*lighter* cooling/insulating solution.

And since the design is changing, it makes much sense to test things in
easy steel. No point building design specific tooling/mandrels for
ccarbon rocket when the design is still changing.


True.

So I am still not convinced that the long term "productized" sharship
will be steel.


You keep being you, but you're wrong on this. Stainless steel allows
for far cheaper and *faster* production of Starships and Super Boosters.
And given SpaceX's application for even *more* Starlink satellites,
they're going to need a lot of launches of Starship to put them all into
orbit. Cite:

https://www.businessinsider.com/spac...atellites-itc-
filing-30000-additional-42000-total-2019-10

So, 42,000 satellites need to be launched. Someone else online
estimated that you could stuff 325 Starlinks inside a Starship. So
that's about 130 launches of Starship. So if you launch four times per
week, that's 2.5 years to launch the entire constellation. So, SpaceX
is going to need *several* Starship/Super Booster combinations to meet
this high flight rate.

Depending on how much shielding they actually need with steel, the

math
may return to favouring carbon fibre or aluminium.


Bull****.

Going to LEO will work with heavy steel. But once they set the target to
Mars, they may need all the mass savings they can get.


Again, Musk has said stainless steel allows for a *lighter* Starship
design because the thermal protection system can be much lighter. It's
an excellent design trade. You keep hand waving without providing the
evidence that your assertions are true. I trust that SpaceX ran the
numbers and Musk is reporting the results of an actual engineering
analysis when he makes this point.

Also, the goal is to lower the cost of access to space. Cheap stainless
steel allows for that far more than something "exotic" and more
expensive like carbon fiber composites with heavier thermal protection.

Jeff
--
All opinions posted by me on Usenet News are mine, and mine alone.
These posts do not reflect the opinions of my family, friends,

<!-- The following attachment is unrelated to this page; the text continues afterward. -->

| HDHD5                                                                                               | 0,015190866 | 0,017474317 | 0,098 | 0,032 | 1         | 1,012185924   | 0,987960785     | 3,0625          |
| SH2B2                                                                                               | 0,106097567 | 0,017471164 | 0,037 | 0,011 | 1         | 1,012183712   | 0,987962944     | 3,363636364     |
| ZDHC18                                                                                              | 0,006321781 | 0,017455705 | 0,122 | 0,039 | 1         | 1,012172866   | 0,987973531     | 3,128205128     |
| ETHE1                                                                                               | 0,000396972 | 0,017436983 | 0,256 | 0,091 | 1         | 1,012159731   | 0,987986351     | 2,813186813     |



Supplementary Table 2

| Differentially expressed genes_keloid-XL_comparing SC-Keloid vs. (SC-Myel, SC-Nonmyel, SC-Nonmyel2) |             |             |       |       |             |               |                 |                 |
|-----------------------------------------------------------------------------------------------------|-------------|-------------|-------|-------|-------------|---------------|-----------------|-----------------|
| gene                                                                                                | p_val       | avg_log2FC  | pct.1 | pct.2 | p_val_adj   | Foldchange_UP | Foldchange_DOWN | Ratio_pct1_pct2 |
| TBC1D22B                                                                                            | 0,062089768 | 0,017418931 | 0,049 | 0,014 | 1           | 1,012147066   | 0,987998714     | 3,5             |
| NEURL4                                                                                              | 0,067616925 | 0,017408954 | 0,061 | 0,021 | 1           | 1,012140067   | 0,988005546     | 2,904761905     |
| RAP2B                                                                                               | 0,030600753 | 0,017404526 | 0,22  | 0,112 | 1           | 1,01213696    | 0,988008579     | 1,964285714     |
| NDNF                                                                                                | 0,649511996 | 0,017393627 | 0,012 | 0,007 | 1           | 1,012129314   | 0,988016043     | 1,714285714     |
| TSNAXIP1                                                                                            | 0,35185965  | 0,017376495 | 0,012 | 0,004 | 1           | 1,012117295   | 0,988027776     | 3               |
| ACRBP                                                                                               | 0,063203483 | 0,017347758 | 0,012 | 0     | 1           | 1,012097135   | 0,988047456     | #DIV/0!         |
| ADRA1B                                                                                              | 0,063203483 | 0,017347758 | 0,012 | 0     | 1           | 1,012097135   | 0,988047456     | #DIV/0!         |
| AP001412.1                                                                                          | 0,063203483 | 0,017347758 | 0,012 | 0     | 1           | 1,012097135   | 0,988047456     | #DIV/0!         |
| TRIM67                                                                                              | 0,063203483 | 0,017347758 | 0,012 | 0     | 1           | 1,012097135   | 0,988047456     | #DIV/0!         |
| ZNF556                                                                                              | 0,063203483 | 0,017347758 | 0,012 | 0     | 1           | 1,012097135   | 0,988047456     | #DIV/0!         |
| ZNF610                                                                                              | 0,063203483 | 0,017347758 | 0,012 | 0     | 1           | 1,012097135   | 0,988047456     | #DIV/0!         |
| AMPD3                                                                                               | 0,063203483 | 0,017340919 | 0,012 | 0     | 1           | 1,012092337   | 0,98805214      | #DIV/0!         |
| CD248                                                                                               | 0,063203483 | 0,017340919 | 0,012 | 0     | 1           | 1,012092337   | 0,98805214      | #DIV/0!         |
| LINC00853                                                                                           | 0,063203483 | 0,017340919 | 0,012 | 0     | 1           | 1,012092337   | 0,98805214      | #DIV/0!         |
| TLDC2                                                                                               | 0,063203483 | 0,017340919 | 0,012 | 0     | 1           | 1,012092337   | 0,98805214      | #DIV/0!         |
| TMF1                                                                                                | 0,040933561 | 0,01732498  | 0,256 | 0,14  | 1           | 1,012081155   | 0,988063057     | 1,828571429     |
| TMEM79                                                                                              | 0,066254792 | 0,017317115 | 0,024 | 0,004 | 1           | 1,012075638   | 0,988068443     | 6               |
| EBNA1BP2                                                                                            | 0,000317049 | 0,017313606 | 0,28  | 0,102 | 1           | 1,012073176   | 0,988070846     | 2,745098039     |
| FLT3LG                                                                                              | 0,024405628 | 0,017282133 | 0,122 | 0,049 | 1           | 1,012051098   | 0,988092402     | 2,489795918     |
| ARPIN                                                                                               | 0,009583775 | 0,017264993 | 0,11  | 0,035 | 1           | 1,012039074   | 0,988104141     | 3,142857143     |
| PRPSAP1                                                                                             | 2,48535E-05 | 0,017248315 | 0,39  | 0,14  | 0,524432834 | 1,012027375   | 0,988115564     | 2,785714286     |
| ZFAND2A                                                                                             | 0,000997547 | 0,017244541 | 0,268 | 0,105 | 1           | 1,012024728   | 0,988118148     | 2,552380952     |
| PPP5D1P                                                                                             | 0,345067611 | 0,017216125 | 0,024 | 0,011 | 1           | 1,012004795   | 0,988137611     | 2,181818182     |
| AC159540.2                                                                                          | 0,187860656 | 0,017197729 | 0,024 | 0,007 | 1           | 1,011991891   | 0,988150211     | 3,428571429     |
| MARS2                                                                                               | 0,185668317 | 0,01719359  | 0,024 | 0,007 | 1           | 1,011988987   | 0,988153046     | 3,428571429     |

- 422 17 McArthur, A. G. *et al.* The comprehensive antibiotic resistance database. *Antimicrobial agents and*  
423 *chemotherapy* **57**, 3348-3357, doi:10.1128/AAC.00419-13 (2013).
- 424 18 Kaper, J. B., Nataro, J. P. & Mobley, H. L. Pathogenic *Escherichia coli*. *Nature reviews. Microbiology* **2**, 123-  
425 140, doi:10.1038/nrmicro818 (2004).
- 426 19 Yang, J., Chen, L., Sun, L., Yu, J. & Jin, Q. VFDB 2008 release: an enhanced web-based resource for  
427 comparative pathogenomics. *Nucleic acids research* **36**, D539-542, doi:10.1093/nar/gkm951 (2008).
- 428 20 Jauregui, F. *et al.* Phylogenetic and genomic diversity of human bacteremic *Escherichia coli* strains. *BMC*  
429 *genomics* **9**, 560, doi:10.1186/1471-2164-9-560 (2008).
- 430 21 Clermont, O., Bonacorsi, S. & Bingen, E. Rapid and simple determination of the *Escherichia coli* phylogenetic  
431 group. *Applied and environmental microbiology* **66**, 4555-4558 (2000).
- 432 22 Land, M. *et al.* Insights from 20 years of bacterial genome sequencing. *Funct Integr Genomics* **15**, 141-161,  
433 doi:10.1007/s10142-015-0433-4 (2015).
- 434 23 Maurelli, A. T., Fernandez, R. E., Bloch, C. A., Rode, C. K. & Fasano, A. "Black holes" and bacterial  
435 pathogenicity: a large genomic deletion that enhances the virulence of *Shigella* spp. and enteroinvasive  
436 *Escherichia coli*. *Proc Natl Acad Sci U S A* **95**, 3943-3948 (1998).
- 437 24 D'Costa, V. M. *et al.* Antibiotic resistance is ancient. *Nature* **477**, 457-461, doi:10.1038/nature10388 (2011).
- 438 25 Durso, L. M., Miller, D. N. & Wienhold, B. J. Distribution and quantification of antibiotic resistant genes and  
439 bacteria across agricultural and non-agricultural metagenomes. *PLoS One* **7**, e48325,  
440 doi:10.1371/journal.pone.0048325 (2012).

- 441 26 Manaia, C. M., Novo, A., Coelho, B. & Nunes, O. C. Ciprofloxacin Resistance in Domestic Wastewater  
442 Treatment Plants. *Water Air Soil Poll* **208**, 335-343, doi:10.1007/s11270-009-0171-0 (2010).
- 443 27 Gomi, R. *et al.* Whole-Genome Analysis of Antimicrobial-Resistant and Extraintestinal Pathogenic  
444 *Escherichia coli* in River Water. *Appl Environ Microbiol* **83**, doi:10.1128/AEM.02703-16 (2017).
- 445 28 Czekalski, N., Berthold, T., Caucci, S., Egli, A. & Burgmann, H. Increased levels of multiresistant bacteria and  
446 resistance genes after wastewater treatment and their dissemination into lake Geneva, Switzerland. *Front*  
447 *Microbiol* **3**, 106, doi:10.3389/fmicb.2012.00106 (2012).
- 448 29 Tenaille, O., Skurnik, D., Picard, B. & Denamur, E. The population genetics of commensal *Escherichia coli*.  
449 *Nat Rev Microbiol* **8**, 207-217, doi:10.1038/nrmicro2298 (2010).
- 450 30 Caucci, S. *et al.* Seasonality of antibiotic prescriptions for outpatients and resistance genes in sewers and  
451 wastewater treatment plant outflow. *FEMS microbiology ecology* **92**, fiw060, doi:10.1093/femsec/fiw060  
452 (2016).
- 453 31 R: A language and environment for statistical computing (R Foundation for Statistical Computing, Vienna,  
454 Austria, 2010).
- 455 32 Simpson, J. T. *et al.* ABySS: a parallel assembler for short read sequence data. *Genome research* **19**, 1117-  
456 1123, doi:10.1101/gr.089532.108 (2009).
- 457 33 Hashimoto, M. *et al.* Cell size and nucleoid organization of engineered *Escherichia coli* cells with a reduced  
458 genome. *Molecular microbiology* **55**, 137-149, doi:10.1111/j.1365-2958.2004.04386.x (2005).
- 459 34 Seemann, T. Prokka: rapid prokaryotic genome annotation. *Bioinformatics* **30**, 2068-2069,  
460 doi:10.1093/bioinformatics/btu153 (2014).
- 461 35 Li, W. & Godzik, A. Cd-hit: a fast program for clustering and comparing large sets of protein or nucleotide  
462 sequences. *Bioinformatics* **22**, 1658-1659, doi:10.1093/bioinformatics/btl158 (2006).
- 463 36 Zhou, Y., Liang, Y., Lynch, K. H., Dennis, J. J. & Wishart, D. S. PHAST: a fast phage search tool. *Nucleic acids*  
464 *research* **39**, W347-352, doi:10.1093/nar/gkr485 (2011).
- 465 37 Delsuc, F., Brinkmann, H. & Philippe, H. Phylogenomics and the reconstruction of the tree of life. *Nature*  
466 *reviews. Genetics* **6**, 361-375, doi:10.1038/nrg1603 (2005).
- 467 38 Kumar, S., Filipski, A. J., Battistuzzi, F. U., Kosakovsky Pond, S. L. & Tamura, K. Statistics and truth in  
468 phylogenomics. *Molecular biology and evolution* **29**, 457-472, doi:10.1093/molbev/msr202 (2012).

employer, or any organization that I am a member of.
  #15  
Old October 21st 19, 01:14 PM posted to sci.space.policy
David Spain
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Posts: 2,595
Default A conversation with Elon Musk

On 2019-10-21 7:46 AM, Jeff Findley wrote:

Also, the goal is to lower the cost of access to space. Cheap stainless
steel allows for that far more than something "exotic" and more
expensive like carbon fiber composites with heavier thermal protection.

Jeff


Jeff I have to agree with all the excellent points you made in the
previous post. Stainless steel looks to be a winner here. A key point
that is absolutely CENTRAL to the SpaceX design philosophy is the
ability to *rapidly* turn around design changes. There is plenty of
experience and skill set working stainless. The ability to manufacture
and *re-manufacture*, and *tweak* using stainless cannot be
underestimated. The techniques for working stainless and other forms of
steel have been worked through over decades. Esp. in the area of
Brownsville and the East Coast of Texas' gas and oil fields. I doubt
you'll find many construction folks out there with vast experience
working ccarbon. This is really really key.

I love the idea of polishing the outer hull of SH/SS with WD-40. LoL.

Also now would be a good time to remind everyone of another prototype
that used stainless steel. The XB-70 Valkyrie. It actually flew and had
the capability of incredible speeds for a bomber (Mach 3+). But too
costly to develop and deploy. It's function was eventually evolved into
and superseded by the slower, but more capable B1 Lancer.

https://en.wikipedia.org/wiki/North_...XB-70_Valkyrie


Dave